18 February, 2022


Acknowledging First Peoples – Understanding the Significance.

During the staff professional learning week in early February, all Scotch Oakburn College staff were privileged to spend two hours with an inspiring member of the Tasmanian Aboriginal Community, Dewayne EverettSmith. Many of us rated this as one of the most useful training seminars we have attended in recent times. Dewayne’s approach was very inclusive, and he left us with many ideas about how to better understand the experiences of our First People’s. Today I share some of our important learnings.

Tasmania’s 60,000 year aboriginal history incorporated nine distinct nations or clans and within this there were 16 language groups. Dewayne described the community across lutriwita (what we now call the island of Tasmania) as being like one community made up of multiple family groups. We were given insights into what language is best to use and discovered that many terms that we may use are western terminology, like First Tasmanians and indigenous, and while this is not offensive it would be more appropriate to use palawa and pakana, meaning people from southern Tasmania and people from northern Tasmania respectively – note that they are written with lower case letters. As westerners we buy land, but for aboriginal people, the land owns them and therefore they do not capitalise words referring to themselves, as they do not believe they are more important than the land.

These days palawa is used as a word to describe all Tasmanian aboriginal people, which is acceptable, but in order to acknowledge the northern nations we have now included pakana in Scotch Oakburn’s Acknowledgement of Country. More specifically our acknowledgement also refers to the litarimirina tribe of the pakana people as the group that lived on the country where Scotch Oakburn is now located.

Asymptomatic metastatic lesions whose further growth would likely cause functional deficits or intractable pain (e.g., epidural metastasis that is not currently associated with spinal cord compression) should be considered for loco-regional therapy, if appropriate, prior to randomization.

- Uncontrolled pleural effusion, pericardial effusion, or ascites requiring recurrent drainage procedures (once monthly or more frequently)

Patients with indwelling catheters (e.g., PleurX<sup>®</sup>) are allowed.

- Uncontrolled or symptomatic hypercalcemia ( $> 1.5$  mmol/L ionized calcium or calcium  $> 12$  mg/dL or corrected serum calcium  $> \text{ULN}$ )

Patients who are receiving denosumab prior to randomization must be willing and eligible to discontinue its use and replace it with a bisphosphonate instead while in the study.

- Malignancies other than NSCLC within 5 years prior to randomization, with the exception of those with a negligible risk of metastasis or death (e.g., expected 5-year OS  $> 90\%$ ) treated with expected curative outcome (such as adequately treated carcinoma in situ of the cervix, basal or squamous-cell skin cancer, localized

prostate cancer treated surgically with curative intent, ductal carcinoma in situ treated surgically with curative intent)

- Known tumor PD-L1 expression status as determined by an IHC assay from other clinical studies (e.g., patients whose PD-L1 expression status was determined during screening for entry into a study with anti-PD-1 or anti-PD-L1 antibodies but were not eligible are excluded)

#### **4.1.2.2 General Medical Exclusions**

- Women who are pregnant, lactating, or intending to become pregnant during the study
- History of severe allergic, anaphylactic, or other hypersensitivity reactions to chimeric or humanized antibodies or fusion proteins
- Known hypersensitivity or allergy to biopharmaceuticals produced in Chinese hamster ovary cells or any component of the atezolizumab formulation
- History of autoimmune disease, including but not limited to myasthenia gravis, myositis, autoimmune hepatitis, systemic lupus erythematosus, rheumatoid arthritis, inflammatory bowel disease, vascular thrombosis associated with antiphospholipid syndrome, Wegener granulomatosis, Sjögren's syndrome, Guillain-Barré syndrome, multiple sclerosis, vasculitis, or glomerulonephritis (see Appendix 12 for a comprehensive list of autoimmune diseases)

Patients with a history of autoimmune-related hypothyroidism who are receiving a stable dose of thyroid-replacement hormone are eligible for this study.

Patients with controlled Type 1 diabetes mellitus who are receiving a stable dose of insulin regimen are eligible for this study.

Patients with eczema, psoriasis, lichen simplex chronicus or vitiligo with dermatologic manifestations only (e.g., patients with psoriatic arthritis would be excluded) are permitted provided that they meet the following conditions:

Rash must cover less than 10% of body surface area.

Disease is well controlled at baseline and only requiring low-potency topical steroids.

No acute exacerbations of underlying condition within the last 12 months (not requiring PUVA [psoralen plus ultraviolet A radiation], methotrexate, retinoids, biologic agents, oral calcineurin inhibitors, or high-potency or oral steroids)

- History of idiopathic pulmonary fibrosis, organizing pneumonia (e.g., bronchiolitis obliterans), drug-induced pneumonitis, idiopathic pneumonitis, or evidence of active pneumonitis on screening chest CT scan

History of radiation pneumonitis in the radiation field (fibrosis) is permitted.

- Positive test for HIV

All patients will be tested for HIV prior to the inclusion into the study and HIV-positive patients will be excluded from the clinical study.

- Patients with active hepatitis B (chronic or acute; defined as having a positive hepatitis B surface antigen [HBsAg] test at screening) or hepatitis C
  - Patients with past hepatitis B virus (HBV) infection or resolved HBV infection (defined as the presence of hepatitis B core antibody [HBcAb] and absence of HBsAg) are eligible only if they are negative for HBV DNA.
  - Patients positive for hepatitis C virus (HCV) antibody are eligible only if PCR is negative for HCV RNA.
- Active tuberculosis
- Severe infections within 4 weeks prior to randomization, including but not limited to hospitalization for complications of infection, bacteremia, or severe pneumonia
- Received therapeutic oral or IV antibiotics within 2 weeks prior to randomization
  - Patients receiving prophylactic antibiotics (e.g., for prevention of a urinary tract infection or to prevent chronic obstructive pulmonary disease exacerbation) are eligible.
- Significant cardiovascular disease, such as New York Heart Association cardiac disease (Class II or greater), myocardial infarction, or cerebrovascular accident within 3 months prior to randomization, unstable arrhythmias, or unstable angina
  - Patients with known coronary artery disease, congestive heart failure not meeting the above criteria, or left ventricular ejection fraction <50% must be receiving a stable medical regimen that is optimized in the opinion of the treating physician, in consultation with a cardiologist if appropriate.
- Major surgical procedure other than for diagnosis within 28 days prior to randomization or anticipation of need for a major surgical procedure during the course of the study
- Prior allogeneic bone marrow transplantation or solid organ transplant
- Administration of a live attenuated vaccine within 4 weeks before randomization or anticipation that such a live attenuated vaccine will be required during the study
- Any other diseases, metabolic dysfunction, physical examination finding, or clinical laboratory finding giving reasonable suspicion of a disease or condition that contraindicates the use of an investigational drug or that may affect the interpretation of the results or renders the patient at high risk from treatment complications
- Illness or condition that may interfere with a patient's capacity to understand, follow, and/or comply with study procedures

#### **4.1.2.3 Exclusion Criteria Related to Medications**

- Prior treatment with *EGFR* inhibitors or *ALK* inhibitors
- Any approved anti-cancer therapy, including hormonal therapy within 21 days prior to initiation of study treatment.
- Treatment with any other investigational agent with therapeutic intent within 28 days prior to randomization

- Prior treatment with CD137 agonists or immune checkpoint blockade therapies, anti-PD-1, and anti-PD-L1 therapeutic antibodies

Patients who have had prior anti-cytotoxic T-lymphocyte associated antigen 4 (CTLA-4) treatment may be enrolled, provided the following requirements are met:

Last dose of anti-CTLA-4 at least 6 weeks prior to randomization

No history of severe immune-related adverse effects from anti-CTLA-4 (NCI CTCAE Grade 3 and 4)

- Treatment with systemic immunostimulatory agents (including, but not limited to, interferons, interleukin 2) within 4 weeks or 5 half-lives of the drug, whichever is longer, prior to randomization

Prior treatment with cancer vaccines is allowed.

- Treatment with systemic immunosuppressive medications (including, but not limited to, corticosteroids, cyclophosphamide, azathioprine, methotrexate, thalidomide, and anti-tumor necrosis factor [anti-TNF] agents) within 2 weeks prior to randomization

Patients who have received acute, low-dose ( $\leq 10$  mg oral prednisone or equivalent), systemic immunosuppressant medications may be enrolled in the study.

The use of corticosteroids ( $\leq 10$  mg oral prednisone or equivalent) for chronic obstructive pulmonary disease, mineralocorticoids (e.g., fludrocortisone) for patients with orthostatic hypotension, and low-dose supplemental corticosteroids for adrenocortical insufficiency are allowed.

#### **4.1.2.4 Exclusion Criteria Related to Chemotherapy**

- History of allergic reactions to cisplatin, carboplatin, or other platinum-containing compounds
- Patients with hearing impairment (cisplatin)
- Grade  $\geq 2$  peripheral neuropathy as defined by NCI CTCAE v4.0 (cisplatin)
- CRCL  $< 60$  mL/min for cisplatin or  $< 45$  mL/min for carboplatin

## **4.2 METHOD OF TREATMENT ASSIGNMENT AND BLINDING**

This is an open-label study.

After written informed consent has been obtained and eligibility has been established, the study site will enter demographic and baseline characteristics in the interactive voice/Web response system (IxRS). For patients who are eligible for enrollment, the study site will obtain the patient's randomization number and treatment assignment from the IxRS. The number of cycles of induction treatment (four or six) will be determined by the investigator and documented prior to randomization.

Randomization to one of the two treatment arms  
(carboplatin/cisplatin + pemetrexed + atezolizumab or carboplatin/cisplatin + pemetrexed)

Previously we used the term “Indigenous Acknowledgement” but have changed this to “Acknowledgement of Country”. The term indigenous was introduced by the Howard government and again, was a western reference. The aboriginal community point out that it is a term that refers to anyone born in a place and that it was used to promote assimilation rather than acknowledgment of a very special and unique culture, and hence why it is not preferred by Australia’s aboriginal peoples.

One of the most important aspects of our discussions with Dewayne were around questions of authenticity. Tasmanian aboriginal people have been dealing with offensive comments like “There are no real aborigines in Tasmania” for years. This was likened to asking questions like “Are you really Irish?” or “Are you really a Christian?” If someone identifies as aboriginal, then it is completely inappropriate to question what percentage aboriginality they are. We all identify as having particular backgrounds, but do not define ourselves based on percentages of those backgrounds. It is very degrading to Tasmanian aboriginal people to question their degree of aboriginality.

Dewayne pointed out that we should not be scared to make mistakes with our references, it is better to be making the effort to acknowledge the cultural history of Tasmania in a meaningful way than to shy away from doing so for fear of possibly getting it wrong. He noted that acknowledgments can be made in many different ways and that as individuals we should find ways to personalise our effort to acknowledge this amazing culture. Therefore our responsibility should be to know as much of the story as possible and develop our understanding of the lived experience of the community whose ancestors have walked this country for such a long time.

As a result of our recent learnings, we have updated the College’s Acknowledgement of Country as follows:

In addition to using this acknowledgement at College gatherings, opportunities to increase our community’s understanding will be sought regularly.

Stuart Walls
Head of Senior School